The must-read stories and debate in health policy and leadership.

Senior managers are being lined up as NHS England kicks its voluntary redundancy scheme into high gear.

Details seen by HSJ reveal plans to remove roles that are “not required in the future”, and in some cases, employ “fewer senior managers” in certain areas.

It comes as NHSE seeks to cut its staff headcount by up to 40 per cent and help “minimise any need for compulsory redundancy”.

Those covered in the initial phase will include senior managers, but also staff working in its new transformation directorate, some of whom previously worked for NHS Digital or NHSX.

NHSE officials are keen to retain those with “specialist technical skills that are difficult to retain”.

Meanwhile, staff in the new workforce training and education directorate at a national and regional level are also included, including those transferring from Health Education England, with the exception of educators.

The scheme, which runs until 8 February, will not be open to all its employees, however.

Last July, NHSE announced 6,000 posts were set to be cut after staff from HEE, NHSD and NHSX transferred into the organisation amid a major reorganisation.

HSJ then revealed all staff would “know their future” by September 2023.

Rocky start

Trust mergers are always hotly debated in NHS leadership circles. The benefits around economies of scale and service reconfiguration are obvious, but critics often wield a long list of examples where the reality has failed to match up to the theory.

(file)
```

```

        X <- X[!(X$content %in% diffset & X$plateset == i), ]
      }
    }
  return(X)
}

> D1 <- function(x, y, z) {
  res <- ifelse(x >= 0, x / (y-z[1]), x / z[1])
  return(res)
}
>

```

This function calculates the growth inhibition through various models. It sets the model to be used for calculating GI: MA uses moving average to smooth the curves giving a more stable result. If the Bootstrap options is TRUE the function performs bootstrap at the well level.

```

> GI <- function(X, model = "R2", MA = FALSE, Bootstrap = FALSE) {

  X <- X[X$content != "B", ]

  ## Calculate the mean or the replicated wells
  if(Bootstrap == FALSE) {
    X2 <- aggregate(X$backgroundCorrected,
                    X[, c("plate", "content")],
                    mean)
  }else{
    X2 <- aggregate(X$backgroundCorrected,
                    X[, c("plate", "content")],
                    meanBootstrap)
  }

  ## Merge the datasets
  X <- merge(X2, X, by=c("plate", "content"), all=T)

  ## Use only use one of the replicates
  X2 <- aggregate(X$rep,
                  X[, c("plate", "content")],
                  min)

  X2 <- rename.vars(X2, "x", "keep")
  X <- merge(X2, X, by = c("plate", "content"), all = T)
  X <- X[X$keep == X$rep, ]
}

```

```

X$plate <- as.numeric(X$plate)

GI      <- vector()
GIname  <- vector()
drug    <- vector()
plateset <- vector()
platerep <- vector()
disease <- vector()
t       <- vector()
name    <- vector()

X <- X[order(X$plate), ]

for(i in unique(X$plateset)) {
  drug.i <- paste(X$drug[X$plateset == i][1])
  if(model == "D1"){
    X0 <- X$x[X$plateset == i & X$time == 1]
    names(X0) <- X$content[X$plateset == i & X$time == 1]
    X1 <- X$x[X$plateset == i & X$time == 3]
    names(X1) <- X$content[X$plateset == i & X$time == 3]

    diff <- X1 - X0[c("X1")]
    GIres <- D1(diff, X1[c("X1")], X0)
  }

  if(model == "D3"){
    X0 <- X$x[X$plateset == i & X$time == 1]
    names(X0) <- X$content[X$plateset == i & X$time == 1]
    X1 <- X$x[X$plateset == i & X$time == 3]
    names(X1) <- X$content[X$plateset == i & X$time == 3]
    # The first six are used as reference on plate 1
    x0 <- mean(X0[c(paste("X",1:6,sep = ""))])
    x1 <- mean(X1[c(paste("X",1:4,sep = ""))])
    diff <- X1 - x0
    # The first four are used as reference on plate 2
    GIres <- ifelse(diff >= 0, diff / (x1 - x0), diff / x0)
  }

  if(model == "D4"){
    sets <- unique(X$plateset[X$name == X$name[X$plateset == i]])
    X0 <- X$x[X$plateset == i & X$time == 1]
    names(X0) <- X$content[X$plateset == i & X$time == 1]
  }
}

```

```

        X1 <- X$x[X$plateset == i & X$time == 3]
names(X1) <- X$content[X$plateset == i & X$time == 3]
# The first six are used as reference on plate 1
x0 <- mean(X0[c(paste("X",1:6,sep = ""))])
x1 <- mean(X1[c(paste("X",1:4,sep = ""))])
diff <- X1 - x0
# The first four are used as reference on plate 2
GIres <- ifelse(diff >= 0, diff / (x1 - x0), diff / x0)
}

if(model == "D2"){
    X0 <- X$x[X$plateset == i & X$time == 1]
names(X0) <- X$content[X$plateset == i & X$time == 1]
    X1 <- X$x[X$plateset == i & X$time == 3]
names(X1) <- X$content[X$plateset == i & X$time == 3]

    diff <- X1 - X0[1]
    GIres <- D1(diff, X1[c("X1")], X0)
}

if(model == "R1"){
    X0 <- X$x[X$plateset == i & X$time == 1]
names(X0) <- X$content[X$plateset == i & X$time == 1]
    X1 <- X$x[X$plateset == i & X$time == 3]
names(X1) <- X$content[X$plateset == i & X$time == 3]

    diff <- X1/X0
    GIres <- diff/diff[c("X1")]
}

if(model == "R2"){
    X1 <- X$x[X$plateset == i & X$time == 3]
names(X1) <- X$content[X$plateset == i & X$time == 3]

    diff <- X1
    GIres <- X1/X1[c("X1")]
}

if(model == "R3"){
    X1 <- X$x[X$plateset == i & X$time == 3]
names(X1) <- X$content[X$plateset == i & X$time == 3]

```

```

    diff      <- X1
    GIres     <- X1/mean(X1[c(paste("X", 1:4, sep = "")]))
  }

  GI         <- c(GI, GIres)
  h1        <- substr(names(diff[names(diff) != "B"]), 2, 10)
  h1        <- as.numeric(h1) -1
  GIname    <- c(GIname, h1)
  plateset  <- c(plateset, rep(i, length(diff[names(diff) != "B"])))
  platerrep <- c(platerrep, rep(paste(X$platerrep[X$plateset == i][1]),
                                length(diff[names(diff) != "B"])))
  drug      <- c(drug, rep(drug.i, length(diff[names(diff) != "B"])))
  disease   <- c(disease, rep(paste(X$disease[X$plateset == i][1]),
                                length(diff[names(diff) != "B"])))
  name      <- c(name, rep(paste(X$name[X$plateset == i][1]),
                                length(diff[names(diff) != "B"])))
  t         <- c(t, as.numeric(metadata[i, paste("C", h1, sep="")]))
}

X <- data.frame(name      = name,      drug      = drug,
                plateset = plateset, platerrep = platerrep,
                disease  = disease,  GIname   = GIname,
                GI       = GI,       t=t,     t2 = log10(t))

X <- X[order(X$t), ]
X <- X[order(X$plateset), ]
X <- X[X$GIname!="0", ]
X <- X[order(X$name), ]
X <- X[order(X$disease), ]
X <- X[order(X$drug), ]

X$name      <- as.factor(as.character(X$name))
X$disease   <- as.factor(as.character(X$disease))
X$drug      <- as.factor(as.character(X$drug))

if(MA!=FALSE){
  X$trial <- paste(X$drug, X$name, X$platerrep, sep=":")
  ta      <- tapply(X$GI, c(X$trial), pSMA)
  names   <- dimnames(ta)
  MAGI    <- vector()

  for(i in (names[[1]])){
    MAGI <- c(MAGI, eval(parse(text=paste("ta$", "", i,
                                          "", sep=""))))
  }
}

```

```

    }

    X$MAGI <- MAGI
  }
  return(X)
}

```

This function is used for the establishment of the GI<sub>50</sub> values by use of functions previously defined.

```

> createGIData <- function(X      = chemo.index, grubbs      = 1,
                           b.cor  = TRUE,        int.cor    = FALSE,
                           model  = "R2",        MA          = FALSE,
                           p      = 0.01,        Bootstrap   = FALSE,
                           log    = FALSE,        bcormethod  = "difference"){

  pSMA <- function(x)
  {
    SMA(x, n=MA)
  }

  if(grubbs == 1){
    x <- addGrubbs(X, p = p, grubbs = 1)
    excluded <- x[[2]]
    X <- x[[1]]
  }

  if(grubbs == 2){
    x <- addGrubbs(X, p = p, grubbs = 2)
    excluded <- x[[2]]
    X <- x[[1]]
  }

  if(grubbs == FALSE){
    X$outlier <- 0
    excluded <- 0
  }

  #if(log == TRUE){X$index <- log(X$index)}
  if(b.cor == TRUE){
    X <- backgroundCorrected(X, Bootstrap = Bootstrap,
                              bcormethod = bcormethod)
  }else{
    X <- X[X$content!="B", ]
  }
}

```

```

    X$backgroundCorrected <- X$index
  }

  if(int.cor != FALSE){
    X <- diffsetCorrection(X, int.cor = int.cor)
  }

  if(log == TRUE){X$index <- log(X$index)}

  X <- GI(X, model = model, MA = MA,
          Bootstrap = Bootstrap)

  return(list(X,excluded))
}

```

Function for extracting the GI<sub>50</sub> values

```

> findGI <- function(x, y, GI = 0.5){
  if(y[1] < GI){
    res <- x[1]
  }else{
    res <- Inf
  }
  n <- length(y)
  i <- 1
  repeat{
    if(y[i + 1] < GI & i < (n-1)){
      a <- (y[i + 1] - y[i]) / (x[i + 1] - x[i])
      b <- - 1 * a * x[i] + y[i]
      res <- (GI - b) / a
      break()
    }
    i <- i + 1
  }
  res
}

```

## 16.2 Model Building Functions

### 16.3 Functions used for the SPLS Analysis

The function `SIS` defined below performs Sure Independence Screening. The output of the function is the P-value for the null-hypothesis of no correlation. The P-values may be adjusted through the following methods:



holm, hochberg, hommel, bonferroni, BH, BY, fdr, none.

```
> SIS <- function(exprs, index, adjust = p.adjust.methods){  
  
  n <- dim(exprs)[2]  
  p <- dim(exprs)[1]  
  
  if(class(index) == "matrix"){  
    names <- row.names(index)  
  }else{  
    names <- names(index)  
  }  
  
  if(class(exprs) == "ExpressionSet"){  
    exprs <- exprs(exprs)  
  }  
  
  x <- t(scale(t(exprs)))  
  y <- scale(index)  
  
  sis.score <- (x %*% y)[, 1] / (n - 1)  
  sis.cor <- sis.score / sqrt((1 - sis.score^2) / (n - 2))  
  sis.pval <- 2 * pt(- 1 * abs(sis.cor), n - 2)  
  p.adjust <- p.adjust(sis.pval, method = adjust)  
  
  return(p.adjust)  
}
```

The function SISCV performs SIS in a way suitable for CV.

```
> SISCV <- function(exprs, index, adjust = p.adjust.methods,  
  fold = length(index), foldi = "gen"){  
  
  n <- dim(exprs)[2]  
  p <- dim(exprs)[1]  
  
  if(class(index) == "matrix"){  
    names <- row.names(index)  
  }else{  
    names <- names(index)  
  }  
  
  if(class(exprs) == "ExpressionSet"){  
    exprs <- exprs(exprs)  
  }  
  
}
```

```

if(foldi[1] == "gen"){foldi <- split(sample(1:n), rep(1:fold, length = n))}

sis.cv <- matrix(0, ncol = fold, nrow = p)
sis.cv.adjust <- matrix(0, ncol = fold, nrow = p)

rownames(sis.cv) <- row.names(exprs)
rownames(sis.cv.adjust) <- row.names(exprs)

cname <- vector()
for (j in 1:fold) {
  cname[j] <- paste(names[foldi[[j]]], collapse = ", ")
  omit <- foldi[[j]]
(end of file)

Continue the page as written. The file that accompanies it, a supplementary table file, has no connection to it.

To that list, they will add Liverpool University Hospitals, created via the merger of Royal Liverpool and Aintree hospitals in 2019, which has seemed to struggle with multiple high-profile issues ever since.

One of the merger’s main proponents, Neil Goodwin, the former chair of Aintree who is now retired and lives in Scotland, reflected on this in an interview with HSJ, saying the problem was in the implementation.

He said: “With the passage of time, it tells me that perhaps the post-merger foundations weren’t put in place carefully enough.

“In practical terms, there’s been insufficient leadership from the new organisation from day one, without enough attention on bedding in the merger, setting the tone and style of working with clinicians to push through the changes that need to take place. The churn at board level has undoubtedly been a major contributor.”

It’s still surely too early to call the merger a failure – it may yet bring huge benefits in the longer term. But it’s certainly been a bad start.

Also on today

NHSE must encourage those with dental expertise to join local systems so that institutional knowledge and experience are not lost when commissioning responsibilities are transferred, writes Matthew Taylor in a comment piece. And in The Integrator, Dave West explains why contrary to what you might think, health and social care secretary Steve Barclay is not out to get integrated care systems.